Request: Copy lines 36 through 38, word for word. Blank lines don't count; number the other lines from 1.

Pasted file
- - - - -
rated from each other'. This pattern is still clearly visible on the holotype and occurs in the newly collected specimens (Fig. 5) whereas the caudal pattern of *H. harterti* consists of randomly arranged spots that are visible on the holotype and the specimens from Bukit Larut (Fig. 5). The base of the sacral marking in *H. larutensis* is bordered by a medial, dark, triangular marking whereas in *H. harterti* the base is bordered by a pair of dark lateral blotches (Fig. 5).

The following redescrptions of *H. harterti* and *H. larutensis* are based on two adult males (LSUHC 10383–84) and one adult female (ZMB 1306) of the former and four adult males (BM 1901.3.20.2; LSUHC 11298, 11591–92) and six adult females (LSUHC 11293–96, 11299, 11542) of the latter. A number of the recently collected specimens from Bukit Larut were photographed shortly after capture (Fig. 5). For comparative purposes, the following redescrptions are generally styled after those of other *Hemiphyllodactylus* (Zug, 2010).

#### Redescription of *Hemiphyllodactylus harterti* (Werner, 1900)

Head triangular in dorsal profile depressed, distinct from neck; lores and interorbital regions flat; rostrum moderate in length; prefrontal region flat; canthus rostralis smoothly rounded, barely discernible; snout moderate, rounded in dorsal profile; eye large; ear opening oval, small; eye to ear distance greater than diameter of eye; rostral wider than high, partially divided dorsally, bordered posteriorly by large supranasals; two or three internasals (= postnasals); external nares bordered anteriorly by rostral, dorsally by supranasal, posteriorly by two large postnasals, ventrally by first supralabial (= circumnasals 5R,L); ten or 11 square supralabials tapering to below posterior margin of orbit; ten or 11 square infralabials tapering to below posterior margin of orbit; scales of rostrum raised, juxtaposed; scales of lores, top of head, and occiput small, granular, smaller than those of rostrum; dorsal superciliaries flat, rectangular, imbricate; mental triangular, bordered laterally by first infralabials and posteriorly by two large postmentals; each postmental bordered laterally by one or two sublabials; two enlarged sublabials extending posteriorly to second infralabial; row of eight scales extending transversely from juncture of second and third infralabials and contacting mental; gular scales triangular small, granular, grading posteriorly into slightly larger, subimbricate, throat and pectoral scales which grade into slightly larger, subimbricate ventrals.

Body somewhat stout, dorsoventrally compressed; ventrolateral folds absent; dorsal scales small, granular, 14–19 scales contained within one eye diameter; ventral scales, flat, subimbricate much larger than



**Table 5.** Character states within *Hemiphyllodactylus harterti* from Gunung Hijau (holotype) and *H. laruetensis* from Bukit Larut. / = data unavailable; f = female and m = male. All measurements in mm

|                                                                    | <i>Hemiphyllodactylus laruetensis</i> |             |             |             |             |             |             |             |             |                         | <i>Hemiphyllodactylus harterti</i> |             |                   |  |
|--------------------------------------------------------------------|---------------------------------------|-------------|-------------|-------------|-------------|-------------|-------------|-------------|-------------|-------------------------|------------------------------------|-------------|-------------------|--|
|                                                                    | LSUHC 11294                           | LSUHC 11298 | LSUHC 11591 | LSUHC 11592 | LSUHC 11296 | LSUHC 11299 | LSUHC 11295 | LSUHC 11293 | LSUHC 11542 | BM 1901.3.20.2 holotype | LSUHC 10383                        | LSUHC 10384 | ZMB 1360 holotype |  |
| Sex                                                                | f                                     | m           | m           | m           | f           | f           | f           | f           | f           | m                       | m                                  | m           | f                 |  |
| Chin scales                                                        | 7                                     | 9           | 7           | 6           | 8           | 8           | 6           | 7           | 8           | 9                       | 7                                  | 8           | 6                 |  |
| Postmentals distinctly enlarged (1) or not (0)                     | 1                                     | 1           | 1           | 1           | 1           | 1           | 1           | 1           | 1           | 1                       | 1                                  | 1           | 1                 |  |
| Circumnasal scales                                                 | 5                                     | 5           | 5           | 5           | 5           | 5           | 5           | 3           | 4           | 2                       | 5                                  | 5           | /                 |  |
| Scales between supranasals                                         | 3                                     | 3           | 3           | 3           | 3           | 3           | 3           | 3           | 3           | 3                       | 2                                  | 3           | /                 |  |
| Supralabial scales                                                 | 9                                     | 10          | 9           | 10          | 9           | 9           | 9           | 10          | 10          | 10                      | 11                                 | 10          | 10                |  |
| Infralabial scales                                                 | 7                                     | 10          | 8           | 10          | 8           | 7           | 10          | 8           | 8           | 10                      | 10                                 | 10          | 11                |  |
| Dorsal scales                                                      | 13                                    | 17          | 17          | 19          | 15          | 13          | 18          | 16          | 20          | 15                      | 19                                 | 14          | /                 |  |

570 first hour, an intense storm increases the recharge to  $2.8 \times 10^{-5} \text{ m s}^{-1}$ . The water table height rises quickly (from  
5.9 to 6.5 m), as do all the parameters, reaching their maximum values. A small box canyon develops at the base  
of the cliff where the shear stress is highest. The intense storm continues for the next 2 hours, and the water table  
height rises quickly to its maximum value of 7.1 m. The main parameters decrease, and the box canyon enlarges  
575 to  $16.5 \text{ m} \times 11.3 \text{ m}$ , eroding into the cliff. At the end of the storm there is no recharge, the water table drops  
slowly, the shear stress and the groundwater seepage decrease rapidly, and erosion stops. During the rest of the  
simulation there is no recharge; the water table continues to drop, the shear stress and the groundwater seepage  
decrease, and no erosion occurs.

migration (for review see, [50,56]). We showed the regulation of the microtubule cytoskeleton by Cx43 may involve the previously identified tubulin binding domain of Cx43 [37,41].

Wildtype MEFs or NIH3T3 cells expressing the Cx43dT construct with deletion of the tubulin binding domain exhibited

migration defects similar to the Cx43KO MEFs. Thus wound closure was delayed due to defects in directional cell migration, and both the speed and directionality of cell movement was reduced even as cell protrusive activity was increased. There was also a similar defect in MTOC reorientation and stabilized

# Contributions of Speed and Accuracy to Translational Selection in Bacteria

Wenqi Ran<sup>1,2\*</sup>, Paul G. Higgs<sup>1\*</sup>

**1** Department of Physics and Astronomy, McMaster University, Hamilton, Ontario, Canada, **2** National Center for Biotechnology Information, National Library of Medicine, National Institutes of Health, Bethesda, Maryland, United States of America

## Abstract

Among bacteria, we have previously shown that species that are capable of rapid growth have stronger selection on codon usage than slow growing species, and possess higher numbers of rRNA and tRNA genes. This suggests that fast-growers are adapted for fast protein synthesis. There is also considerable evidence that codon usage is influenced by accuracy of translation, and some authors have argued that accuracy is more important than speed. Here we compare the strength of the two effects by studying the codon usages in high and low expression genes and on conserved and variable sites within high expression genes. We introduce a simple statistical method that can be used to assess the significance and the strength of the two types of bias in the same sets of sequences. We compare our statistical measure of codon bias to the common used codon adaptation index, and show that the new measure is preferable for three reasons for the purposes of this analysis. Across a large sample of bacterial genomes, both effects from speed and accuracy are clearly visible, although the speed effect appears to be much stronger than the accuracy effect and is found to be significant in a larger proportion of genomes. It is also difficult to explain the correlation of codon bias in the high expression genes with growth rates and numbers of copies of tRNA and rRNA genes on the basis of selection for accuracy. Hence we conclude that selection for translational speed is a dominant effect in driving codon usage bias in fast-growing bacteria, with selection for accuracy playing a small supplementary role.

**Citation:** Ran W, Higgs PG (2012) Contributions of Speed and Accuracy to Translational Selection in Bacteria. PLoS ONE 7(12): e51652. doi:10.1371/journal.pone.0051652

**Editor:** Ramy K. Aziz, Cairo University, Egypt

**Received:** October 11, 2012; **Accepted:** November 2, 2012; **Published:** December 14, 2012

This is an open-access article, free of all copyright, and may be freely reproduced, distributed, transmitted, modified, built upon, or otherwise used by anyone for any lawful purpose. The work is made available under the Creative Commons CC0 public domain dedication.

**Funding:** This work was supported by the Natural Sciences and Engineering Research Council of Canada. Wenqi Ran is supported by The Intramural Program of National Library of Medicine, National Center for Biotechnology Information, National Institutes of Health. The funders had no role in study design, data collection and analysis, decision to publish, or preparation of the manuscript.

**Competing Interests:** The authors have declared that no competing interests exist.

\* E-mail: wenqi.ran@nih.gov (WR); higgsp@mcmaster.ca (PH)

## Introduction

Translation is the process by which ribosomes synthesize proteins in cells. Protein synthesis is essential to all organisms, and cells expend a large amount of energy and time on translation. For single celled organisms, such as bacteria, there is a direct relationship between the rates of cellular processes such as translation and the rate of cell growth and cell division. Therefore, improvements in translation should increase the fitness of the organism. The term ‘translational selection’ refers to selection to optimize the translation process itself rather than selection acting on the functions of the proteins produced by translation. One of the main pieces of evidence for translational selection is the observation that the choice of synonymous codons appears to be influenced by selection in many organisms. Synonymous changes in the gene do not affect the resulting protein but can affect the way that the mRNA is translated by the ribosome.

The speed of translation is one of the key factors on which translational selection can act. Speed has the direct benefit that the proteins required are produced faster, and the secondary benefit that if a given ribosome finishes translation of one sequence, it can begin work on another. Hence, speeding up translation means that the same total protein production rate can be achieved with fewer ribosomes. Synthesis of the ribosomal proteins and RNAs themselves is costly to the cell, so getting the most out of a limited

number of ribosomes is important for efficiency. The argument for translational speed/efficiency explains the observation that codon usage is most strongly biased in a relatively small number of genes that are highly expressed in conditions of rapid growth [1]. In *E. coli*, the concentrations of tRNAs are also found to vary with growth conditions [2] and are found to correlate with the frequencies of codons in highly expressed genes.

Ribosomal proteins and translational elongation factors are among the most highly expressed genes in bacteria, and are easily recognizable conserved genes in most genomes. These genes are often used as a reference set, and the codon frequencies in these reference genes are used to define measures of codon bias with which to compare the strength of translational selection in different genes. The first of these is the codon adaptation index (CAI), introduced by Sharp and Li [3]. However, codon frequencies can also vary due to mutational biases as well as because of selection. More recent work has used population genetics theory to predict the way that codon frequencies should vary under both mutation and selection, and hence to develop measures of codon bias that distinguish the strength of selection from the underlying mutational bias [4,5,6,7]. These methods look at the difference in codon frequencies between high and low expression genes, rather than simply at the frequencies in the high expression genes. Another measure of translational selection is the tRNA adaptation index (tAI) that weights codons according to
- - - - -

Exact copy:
**Received:** October 11, 2012; **Accepted:** November 2, 2012; **Published:** December 14, 2012

This is an open-access article, free of all copyright, and may be freely reproduced, distributed, transmitted, modified, built upon, or otherwise used by anyone for any lawful purpose. The work is made available under the Creative Commons CC0 public domain dedication.

**Funding:** This work was supported by the Natural Sciences and Engineering Research Council of Canada. Wenqi Ran is supported by The Intramural Program of National Library of Medicine, National Center for Biotechnology Information, National Institutes of Health. The funders had no role in study design, data collection and analysis, decision to publish, or preparation of the manuscript.